At Deering Banjo Company, we use three plys of violin-grade maple to create all of our wood rims. While this lends a rich and naturally bright sound, it also allows all the other pieces attached to it to vibrate more freely. This opens up the overall sound of the banjo to a rich, clear and vibrant tone. If you have the chance, go to a dealer and play a cheaper aluminum-based banjo. Then pick up a Goodtime banjo and you'll see what we mean.

The only exception in our line-up that features a metal rim is the steel rim of the Deering Boston banjos. Think of the sound of a triangle in a symphony orchestra - bright, sparkling, melodic. It is a different kind of tone compared to maple, but equally beautiful.

What are some other design features or components I should look out for when comparing options?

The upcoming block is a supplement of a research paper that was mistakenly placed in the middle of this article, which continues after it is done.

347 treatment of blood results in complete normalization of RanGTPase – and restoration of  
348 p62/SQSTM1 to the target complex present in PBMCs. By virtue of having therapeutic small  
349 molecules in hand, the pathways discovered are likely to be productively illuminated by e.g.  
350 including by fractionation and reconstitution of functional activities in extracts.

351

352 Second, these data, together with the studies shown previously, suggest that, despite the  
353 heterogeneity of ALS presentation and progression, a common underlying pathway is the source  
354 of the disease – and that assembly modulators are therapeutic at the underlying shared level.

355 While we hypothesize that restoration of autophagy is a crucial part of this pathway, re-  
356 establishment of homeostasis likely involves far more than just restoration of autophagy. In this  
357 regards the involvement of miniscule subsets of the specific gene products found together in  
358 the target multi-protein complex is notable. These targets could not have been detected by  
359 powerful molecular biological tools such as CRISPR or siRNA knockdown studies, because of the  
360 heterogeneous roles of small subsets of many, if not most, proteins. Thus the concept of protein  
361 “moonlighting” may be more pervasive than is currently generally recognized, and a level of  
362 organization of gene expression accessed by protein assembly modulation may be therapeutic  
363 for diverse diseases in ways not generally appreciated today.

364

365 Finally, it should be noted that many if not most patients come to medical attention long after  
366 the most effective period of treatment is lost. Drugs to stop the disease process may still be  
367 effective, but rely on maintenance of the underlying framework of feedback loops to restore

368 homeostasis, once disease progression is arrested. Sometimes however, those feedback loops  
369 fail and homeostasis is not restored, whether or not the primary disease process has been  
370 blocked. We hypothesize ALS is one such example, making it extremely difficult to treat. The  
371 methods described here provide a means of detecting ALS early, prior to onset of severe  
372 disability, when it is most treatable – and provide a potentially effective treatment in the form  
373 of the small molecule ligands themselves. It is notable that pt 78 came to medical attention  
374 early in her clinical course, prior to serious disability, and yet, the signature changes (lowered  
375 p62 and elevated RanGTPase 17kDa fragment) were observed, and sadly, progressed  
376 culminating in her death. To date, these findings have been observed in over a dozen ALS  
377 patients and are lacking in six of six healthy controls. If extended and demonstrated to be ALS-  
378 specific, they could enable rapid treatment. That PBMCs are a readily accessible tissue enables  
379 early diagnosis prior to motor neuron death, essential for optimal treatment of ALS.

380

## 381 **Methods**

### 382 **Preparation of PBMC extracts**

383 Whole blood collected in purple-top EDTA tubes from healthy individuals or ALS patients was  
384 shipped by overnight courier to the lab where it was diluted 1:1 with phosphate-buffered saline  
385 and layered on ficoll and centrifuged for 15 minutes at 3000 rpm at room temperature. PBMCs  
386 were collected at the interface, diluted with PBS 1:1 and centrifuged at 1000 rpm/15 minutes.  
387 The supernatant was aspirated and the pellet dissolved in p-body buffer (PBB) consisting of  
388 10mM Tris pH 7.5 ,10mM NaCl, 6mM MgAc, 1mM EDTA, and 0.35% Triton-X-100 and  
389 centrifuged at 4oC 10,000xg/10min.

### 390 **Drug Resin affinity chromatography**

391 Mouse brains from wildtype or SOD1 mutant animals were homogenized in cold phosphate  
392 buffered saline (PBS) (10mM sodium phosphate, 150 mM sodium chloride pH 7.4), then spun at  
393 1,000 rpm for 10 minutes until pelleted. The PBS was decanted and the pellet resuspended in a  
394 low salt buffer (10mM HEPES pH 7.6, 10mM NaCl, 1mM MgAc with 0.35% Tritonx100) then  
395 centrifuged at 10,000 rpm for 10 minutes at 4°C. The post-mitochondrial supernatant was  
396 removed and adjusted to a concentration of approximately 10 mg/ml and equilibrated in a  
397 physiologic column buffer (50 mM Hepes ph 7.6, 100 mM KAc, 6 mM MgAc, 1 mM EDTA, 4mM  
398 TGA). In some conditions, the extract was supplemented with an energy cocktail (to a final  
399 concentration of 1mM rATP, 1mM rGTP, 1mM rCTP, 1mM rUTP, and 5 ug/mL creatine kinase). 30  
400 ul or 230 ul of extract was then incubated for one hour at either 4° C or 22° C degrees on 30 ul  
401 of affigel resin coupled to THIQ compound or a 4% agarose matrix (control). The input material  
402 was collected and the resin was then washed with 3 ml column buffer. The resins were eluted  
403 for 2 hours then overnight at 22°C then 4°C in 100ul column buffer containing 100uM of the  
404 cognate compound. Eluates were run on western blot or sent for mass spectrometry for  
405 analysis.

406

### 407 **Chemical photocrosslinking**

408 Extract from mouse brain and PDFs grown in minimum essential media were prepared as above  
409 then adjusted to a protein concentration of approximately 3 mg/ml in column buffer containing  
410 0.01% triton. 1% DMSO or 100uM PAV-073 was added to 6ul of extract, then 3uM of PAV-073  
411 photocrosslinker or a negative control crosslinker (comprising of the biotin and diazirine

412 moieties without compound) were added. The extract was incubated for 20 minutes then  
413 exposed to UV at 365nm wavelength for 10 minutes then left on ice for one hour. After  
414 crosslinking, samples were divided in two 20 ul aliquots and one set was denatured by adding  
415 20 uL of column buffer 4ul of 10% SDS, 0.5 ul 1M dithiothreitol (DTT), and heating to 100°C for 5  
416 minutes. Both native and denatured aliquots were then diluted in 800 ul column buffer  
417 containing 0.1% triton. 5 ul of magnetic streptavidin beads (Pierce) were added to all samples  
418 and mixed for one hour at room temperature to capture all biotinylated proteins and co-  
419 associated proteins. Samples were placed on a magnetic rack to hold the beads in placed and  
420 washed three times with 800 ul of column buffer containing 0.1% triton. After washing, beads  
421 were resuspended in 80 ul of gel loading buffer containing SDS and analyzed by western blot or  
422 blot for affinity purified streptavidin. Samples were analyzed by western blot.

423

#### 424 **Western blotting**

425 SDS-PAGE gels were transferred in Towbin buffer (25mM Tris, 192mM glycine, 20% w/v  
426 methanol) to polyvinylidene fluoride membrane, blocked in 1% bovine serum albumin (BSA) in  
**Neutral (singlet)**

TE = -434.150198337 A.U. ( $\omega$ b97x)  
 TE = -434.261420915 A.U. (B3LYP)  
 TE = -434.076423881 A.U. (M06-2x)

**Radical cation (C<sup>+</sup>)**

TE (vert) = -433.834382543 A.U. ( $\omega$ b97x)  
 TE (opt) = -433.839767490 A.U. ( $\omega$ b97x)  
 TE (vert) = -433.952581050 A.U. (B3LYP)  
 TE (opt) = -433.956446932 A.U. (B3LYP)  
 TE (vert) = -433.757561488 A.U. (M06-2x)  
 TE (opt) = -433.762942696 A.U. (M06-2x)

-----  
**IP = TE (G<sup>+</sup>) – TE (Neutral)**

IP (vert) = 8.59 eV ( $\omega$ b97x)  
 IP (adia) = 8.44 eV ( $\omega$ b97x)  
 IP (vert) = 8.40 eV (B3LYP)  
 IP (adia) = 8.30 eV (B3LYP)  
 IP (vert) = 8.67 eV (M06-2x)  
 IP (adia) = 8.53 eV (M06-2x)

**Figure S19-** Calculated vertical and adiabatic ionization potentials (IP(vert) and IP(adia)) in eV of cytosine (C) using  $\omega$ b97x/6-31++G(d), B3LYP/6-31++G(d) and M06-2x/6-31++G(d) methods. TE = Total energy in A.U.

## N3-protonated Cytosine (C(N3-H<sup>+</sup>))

When looking for your first banjo, you should be sure that the tuners are geared so they maintain their tuning longer. While every banjo needs to be tuned before playing, a friction tuner will not hold the tuning of the strings well. You want to be sure that there is adjustability in your banjo. Action is the distance between the top of the fret and the bottom of the string. Be sure your banjo has the ability to adjust the action so that your hand does not work harder than it should to bring the strings and frets into contact.

Your tailpiece should also be adjustable. As time goes on, you may want to change the tone of the banjo, and your tailpiece can help with this. It should have a warranty. Manufacturers who make a sound product will provide support for their customers. All of these features are part of the Deering line of banjos from the Goodtime Series through to the professional level banjos.

The Deering Banjo Company Goodtime Six Banjo Guitar |

Is there any type of banjo that's better suited for clawhammer vs bluegrass playing?